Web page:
Nightingales in Brest

I have been working in Brest in the art college since September. I’m like a tourist, I come here for a couple of days and then go home. The sea air, the changeable weather, remind me even more of my first home : Dublin.

One of the first things I noticed was the sound of the seagulls. Then when I had more time in the city, I noticed how calm it was compared to Paris and how I could hear the other birds.

This evening in Brest, a cool spring evening, with a beautiful long stretch in the evening, the birds were pouring forth their song. As I sat there drinking in this beautiful moment the poem by Keats that I have been trying to learn for a long time came to mind. I listened and then I read it out. I still do not know it by heart.

So here it is an imperfect version because it is not yet in my heart. I find it a difficult poem to learn because of its length and also because it is as if there is something so beautiful inside it, that I am almost wary to take apart these delicate words. The words roll over you, roll out of your mouth, feeling to me like dewy wet fronds, that you push aside to fly on the blind wings of poetry to stand in the song filled glade…

I hope you enjoy this moment. Filmed on my phone so sorry for the image quality.

Ode to a Nightingale by John Keats

My heart aches, and a drowsy numbness pains
         My sense, as though of hemlock I had drunk,
Or emptied some dull opiate to the drains
         One minute past, and Lethe-wards had sunk:
‘Tis not through envy of thy happy lot,
         But being too happy in thine happiness,—
                That thou, light-winged Dryad of the trees
                        In some melodious plot
         Of beechen green, and shadows numberless,
                Singest of summer in full-throated ease.

O, for a draught of vintage! that hath been
         Cool’d a long age in the deep-delved earth,
Tasting of Flora and the country green,
         Dance, and Provençal song, and sunburnt mirth!
O for a beaker full of the warm South,
         Full of the true, the blushful Hippocrene,
                With beaded bubbles winking at the brim,
                        And purple-stained mouth;
         That I might drink, and leave the world unseen,
                And with thee fade away into the forest dim:

Fade far away, dissolve, and quite forget
         What thou among the leaves hast never known,
The weariness, the fever, and the fret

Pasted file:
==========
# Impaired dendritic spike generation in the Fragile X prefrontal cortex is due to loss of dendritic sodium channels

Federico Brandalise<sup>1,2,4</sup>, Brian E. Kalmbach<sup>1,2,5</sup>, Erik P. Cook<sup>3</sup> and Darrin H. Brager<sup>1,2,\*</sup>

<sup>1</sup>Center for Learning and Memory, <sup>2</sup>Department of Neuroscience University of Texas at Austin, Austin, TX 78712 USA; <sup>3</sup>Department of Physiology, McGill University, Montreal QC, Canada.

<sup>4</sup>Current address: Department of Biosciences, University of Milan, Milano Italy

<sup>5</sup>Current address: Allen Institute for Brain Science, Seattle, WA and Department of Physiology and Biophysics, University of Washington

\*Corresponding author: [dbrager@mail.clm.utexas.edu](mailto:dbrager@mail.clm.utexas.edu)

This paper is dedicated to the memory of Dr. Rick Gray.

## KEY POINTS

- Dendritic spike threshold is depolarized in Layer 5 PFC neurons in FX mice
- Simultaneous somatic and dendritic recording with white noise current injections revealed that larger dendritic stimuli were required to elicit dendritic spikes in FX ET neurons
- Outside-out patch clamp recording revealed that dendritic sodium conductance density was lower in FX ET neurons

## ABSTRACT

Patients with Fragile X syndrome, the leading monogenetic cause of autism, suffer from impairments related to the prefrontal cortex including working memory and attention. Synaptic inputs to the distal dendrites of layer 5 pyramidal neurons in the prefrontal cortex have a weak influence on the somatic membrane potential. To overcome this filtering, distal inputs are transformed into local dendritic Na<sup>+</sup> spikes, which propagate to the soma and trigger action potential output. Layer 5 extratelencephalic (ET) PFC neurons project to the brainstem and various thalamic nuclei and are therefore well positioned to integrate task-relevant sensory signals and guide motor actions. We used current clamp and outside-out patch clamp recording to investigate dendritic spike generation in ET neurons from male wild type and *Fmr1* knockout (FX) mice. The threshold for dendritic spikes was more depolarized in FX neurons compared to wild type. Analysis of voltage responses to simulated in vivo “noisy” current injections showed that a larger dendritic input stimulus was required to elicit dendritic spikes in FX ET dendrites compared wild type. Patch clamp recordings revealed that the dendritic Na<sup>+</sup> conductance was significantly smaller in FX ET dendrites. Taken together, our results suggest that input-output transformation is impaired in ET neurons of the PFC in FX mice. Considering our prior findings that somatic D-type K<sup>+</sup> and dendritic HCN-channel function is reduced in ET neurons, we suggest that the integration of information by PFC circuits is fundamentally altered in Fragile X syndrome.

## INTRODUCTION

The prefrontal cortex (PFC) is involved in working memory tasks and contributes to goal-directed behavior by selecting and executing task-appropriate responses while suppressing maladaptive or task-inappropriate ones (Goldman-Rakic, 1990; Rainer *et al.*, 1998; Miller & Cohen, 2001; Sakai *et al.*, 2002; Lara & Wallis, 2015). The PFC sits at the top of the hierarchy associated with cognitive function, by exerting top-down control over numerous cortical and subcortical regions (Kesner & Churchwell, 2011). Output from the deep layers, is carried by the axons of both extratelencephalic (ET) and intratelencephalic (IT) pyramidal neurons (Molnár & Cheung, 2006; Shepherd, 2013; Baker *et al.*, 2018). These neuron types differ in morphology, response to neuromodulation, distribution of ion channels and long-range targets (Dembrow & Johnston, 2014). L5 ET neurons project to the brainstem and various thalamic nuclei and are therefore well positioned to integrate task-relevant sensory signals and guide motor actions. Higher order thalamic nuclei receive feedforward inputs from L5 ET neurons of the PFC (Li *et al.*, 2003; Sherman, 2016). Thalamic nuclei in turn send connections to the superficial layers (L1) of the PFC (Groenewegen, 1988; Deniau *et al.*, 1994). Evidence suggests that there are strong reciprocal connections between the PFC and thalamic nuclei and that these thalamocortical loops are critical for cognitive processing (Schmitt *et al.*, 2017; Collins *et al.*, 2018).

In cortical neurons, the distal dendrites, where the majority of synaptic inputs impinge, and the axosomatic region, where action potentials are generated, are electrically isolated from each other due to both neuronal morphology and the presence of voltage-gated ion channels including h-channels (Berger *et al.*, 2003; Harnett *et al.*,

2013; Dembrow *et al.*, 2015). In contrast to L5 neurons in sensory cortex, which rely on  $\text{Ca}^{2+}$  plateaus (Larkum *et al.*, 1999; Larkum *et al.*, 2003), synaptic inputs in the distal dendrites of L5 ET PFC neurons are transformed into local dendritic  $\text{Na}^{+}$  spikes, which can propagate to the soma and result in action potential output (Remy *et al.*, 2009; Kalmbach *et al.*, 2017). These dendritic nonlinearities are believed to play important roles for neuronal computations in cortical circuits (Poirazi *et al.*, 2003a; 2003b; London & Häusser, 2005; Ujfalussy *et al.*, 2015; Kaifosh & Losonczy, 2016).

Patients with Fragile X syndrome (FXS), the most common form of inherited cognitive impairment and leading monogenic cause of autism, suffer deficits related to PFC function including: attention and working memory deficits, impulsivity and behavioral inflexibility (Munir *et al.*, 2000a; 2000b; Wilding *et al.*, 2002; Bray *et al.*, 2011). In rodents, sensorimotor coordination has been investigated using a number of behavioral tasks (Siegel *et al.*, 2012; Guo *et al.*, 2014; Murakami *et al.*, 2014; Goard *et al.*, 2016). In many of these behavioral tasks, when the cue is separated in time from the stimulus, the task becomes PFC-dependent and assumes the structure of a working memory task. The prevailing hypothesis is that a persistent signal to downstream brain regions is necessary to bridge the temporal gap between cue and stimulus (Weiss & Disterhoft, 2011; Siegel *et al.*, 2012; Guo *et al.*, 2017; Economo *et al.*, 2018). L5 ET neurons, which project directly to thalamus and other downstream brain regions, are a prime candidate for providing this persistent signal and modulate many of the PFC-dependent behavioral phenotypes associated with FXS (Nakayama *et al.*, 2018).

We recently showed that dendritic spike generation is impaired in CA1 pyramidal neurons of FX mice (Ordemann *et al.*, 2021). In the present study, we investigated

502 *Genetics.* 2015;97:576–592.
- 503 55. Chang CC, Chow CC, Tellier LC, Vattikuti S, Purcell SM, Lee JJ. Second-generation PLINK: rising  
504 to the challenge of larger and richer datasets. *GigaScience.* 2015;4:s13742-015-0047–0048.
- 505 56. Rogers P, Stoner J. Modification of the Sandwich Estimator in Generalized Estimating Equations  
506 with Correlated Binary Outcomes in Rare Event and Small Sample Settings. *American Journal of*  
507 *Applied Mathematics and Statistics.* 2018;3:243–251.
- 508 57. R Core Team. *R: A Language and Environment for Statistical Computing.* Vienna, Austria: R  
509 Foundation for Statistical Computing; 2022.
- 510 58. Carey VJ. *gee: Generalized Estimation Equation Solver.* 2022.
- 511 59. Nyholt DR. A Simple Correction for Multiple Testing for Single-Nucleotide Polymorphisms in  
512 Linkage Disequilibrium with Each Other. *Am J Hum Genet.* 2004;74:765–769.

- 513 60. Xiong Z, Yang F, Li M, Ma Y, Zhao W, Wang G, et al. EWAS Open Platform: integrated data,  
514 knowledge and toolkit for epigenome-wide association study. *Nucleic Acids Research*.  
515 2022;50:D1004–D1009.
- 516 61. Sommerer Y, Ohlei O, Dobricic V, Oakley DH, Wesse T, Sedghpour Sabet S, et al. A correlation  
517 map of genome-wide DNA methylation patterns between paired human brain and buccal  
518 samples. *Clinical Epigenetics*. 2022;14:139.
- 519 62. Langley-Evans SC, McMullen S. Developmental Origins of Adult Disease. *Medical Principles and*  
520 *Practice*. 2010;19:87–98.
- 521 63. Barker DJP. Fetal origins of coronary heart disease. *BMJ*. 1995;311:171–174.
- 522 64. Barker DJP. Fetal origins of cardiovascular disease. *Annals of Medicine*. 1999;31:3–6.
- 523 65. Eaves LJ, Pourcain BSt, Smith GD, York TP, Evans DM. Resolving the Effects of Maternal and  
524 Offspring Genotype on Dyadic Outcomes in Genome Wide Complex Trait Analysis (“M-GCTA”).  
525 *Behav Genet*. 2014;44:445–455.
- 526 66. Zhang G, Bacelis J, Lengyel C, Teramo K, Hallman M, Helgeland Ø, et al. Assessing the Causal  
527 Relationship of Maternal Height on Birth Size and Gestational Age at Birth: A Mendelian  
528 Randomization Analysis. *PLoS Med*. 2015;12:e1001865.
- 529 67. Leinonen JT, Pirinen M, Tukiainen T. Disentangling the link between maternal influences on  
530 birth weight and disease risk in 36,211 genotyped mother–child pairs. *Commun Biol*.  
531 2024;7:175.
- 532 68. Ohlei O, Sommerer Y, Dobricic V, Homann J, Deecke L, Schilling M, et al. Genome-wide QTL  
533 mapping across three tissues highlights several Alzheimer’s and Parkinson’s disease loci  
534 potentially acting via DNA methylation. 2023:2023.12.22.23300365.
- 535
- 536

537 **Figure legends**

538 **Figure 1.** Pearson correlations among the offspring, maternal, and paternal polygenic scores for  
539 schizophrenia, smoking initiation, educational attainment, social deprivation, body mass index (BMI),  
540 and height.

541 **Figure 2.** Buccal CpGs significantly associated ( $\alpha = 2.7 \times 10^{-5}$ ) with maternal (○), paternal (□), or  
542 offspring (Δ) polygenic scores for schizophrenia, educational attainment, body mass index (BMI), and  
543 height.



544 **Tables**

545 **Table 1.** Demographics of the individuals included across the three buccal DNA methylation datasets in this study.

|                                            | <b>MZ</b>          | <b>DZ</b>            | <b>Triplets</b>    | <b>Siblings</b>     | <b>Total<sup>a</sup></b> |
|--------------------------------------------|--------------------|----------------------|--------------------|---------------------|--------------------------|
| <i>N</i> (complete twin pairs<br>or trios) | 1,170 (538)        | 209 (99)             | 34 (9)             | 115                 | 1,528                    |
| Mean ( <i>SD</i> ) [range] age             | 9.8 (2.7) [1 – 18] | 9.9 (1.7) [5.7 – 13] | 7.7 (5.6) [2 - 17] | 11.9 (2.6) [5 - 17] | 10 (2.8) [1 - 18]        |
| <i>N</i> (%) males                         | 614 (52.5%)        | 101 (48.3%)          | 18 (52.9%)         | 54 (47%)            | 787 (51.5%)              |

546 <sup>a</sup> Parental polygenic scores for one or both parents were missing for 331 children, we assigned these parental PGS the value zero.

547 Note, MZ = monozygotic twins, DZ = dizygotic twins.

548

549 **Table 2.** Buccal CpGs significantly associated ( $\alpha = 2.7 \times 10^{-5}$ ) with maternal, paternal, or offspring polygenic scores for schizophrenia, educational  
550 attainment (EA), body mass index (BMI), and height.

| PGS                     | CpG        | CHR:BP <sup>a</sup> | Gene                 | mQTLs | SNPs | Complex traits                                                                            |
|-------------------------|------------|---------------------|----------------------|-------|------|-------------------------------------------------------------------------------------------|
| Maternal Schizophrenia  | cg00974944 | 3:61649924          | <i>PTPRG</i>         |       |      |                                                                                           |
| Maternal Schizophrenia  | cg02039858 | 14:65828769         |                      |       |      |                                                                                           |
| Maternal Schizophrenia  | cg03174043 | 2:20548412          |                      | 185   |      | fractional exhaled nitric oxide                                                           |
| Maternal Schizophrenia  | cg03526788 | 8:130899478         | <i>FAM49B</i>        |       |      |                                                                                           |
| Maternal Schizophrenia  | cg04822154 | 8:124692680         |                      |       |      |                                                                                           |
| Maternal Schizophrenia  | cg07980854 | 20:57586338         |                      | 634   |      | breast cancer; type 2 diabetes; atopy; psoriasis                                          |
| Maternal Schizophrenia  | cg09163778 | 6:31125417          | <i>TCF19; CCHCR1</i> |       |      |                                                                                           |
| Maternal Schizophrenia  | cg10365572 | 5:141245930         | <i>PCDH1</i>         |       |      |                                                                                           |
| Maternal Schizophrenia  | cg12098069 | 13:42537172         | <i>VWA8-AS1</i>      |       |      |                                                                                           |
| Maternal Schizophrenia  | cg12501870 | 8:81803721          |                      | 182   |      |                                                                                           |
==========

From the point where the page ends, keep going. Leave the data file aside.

Here, where men sit and hear each other groan;
Where palsy shakes a few, sad, last gray hairs,
         Where youth grows pale, and spectre-thin, and dies;
                Where but to think is to be full of sorrow
                        And leaden-eyed despairs,
         Where Beauty cannot keep her lustrous eyes,
                Or new Love pine at them beyond to-morrow.

Away! away! for I will fly to thee,
         Not charioted by Bacchus and his pards,
But on the viewless wings of Poesy,
         Though the dull brain perplexes and retards:
Already with thee! tender is the night,
         And haply the Queen-Moon is on her throne,
                Cluster’d around by all her starry Fays;
                        But here there is no light,
         Save what from heaven is with the breezes blown
                Through verdurous glooms and winding mossy ways.

I cannot see what flowers are at my feet,
         Nor what soft incense hangs upon the boughs,
But, in embalmed darkness, guess each sweet
         Wherewith the seasonable month endows
The grass, the thicket, and the fruit-tree wild;
         White hawthorn, and the pastoral eglantine;
                Fast fading violets cover’d up in leaves;
                        And mid-May’s eldest child,
         The coming musk-rose, full of dewy wine,
                The murmurous haunt of flies on summer eves.

Darkling I listen; and, for many a time
         I have been half in love with easeful Death,
Call’d him soft names in many a mused rhyme,
         To take into the air my quiet breath;
                Now more than ever seems it rich to die,
         To cease upon the midnight with no pain,
                While thou art pouring forth thy soul abroad
                        In such an ecstasy!
         Still wouldst thou sing, and I have ears in vain—
                   To thy high requiem become a sod.

Thou wast not born for death, immortal Bird!
         No hungry generations tread thee down;
The voice I hear this passing night was heard
         In ancient days by emperor and clown:
Perhaps the self-same song that found a path
         Through the sad heart of Ruth, when, sick for home,
                She stood in tears amid the alien corn;
                        The same that oft-times hath
         Charm’d magic casements, opening on the foam
                Of perilous seas, in faery lands forlorn.